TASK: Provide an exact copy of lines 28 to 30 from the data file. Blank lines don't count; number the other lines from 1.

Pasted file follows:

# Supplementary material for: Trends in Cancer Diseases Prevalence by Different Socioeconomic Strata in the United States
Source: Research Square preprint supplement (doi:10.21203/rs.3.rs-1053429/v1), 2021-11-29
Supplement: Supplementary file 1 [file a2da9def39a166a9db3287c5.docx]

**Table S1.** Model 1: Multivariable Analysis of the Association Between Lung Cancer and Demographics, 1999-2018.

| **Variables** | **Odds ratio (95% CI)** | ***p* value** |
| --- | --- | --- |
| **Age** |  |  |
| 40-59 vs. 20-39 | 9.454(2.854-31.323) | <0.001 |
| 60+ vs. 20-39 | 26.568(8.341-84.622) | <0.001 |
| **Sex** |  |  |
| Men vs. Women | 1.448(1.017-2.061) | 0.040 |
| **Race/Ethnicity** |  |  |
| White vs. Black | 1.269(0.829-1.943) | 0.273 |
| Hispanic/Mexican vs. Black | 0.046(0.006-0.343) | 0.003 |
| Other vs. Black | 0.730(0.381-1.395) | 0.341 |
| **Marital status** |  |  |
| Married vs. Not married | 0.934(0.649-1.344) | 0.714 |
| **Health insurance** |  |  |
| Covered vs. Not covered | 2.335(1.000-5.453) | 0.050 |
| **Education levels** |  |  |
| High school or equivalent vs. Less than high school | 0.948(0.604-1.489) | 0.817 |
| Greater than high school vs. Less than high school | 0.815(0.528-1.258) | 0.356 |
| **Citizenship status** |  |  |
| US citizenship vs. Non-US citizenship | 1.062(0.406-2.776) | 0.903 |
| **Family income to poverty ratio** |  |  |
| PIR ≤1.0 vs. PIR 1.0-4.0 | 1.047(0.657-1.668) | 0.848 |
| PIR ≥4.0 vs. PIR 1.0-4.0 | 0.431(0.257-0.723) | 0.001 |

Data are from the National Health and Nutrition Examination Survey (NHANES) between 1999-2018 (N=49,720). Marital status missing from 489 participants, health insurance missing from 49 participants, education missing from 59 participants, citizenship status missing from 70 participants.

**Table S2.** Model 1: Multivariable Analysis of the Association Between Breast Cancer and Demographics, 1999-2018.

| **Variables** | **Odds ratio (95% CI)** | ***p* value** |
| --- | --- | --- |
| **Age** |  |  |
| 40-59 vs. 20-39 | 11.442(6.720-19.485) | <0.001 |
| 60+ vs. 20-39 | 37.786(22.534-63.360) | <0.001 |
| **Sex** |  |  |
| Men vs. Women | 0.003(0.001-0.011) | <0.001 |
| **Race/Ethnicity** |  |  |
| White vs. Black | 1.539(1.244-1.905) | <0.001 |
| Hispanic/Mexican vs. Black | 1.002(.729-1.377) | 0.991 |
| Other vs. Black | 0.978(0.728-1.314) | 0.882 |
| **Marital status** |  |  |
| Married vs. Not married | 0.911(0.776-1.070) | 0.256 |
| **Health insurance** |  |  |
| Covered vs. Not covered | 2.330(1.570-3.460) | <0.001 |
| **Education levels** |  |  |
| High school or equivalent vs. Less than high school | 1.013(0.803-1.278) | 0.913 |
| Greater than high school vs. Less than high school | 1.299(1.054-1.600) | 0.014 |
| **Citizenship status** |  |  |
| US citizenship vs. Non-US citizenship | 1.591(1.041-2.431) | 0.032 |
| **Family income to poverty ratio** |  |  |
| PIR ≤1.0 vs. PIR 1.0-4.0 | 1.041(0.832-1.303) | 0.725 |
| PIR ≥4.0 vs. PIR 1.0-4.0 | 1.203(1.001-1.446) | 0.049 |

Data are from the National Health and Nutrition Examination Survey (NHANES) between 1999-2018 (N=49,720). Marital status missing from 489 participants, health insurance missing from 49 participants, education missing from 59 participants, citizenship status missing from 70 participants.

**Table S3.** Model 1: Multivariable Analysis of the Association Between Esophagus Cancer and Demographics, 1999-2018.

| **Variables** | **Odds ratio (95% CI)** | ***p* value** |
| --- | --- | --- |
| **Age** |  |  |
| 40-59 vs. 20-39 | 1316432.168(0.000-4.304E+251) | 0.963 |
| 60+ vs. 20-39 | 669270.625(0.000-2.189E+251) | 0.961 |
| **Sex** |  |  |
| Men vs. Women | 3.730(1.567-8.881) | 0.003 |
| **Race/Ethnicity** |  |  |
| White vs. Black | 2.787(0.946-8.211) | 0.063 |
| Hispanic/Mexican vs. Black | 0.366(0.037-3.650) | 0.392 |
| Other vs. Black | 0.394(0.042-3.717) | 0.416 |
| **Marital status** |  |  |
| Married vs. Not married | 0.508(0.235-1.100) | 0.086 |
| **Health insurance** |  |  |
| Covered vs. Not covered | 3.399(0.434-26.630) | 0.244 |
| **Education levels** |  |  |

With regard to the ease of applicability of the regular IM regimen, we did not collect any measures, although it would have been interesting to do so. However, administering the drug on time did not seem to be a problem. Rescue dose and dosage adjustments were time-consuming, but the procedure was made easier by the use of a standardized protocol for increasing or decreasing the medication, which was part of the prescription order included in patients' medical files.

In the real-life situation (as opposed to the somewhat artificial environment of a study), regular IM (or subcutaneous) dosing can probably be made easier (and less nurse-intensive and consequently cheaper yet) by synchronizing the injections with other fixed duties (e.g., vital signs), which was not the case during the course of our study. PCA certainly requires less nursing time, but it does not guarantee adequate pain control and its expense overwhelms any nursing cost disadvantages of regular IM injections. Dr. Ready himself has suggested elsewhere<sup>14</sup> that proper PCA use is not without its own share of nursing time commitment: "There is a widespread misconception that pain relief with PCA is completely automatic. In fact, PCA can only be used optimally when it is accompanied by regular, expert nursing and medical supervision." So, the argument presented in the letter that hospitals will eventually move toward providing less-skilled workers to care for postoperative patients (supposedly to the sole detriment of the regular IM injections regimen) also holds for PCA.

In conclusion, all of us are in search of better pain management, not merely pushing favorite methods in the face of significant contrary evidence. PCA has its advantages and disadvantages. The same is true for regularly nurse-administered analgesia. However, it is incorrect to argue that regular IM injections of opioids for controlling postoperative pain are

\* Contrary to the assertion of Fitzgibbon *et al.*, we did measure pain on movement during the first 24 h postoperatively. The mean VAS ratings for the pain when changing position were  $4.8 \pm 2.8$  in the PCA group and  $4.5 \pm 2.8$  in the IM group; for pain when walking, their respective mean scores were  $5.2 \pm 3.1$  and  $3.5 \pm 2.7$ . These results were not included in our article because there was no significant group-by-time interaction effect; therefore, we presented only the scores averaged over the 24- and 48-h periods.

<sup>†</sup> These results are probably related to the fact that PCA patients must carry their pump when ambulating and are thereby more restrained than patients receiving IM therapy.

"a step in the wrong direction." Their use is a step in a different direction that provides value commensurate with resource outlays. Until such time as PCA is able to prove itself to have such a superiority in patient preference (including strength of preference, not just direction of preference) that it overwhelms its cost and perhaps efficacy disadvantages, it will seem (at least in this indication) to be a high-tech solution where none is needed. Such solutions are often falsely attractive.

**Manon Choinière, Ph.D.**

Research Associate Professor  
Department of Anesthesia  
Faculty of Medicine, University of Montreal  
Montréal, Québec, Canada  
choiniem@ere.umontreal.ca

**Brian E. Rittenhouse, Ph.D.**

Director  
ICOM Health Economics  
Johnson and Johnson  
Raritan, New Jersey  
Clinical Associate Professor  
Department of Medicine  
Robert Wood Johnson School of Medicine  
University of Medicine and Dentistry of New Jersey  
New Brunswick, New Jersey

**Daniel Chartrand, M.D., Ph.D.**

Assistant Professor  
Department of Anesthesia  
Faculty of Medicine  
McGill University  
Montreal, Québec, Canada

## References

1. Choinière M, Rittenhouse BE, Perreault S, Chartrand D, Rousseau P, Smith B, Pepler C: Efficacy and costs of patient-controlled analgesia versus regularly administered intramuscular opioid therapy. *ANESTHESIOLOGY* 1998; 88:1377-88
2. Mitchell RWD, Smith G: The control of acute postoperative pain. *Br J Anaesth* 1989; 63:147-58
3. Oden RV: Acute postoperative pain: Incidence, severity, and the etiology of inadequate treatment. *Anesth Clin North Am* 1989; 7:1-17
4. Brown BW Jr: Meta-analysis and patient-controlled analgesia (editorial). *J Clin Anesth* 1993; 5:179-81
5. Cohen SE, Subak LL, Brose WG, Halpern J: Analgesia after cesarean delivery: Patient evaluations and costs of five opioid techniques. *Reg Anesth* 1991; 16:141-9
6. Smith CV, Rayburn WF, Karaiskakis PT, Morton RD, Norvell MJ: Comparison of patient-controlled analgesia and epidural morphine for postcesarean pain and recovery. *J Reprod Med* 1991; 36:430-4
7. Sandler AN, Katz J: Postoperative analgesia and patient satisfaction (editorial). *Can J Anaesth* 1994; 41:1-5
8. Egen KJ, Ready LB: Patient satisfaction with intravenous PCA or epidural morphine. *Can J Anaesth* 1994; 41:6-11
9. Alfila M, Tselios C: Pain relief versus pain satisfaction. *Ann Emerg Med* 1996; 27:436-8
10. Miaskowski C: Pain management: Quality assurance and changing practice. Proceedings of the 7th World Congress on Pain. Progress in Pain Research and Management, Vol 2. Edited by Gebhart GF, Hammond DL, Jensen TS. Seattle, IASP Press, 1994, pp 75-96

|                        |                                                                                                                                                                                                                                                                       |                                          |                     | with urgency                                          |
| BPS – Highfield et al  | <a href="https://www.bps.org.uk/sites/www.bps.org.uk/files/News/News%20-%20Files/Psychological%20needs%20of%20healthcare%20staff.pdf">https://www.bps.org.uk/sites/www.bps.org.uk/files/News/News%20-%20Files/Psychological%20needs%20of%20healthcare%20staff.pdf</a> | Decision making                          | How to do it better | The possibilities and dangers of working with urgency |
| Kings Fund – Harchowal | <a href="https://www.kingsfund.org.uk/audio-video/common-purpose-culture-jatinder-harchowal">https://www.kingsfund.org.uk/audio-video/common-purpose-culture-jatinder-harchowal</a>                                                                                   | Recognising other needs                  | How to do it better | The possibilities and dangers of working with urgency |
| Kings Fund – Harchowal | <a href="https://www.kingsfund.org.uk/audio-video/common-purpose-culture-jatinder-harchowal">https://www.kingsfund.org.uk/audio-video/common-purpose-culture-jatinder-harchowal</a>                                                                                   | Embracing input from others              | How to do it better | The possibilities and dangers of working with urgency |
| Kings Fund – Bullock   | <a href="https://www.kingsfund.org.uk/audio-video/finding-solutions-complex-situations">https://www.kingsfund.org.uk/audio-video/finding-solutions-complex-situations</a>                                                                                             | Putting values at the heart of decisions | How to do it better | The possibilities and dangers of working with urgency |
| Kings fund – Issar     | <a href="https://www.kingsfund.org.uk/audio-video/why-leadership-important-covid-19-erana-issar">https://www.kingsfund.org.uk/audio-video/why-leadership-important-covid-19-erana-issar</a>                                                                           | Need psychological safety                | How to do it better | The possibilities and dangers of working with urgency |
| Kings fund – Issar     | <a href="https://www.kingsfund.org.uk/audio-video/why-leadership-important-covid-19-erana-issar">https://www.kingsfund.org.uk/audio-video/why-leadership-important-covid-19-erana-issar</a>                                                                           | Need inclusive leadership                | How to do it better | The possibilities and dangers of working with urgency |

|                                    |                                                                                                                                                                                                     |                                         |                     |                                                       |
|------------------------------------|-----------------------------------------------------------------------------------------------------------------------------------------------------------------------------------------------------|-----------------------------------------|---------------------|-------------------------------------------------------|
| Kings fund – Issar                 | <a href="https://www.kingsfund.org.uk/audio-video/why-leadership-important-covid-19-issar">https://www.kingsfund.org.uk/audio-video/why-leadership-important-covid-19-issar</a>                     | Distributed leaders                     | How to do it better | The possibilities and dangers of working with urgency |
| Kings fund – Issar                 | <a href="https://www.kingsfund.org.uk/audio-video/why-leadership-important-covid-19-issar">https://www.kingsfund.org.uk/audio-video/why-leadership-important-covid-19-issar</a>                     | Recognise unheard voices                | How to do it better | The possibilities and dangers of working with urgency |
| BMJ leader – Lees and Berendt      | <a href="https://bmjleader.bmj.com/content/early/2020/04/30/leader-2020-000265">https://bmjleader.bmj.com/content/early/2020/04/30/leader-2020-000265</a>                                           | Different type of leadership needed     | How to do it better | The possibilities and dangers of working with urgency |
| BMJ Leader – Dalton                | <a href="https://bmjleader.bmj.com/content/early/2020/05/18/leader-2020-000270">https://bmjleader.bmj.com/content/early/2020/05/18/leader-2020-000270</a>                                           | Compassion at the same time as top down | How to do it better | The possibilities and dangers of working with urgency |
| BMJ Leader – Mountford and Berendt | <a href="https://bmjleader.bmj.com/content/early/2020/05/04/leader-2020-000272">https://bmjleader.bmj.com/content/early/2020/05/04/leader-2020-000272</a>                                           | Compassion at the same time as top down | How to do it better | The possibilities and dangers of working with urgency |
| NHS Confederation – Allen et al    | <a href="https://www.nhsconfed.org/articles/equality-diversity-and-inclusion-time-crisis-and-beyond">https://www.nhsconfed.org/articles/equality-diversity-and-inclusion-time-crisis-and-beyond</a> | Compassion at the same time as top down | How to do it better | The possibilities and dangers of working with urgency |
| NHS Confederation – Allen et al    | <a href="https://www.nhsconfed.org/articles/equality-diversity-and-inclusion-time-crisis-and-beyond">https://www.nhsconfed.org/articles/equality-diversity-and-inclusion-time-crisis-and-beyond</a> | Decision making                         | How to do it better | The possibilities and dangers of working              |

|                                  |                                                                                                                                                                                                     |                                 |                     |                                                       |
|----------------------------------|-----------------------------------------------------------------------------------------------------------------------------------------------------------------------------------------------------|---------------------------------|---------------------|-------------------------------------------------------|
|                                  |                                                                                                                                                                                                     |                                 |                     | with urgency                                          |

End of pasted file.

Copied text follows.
Data are from the National Health and Nutrition Examination Survey (NHANES) between 1999-2018 (N=49,720). Marital status missing from 489 participants, health insurance missing from 49 participants, education missing from 59 participants, citizenship status missing from 70 participants.

**Table S2.** Model 1: Multivariable Analysis of the Association Between Breast Cancer and Demographics, 1999-2018.

| **Variables** | **Odds ratio (95% CI)** | ***p* value** |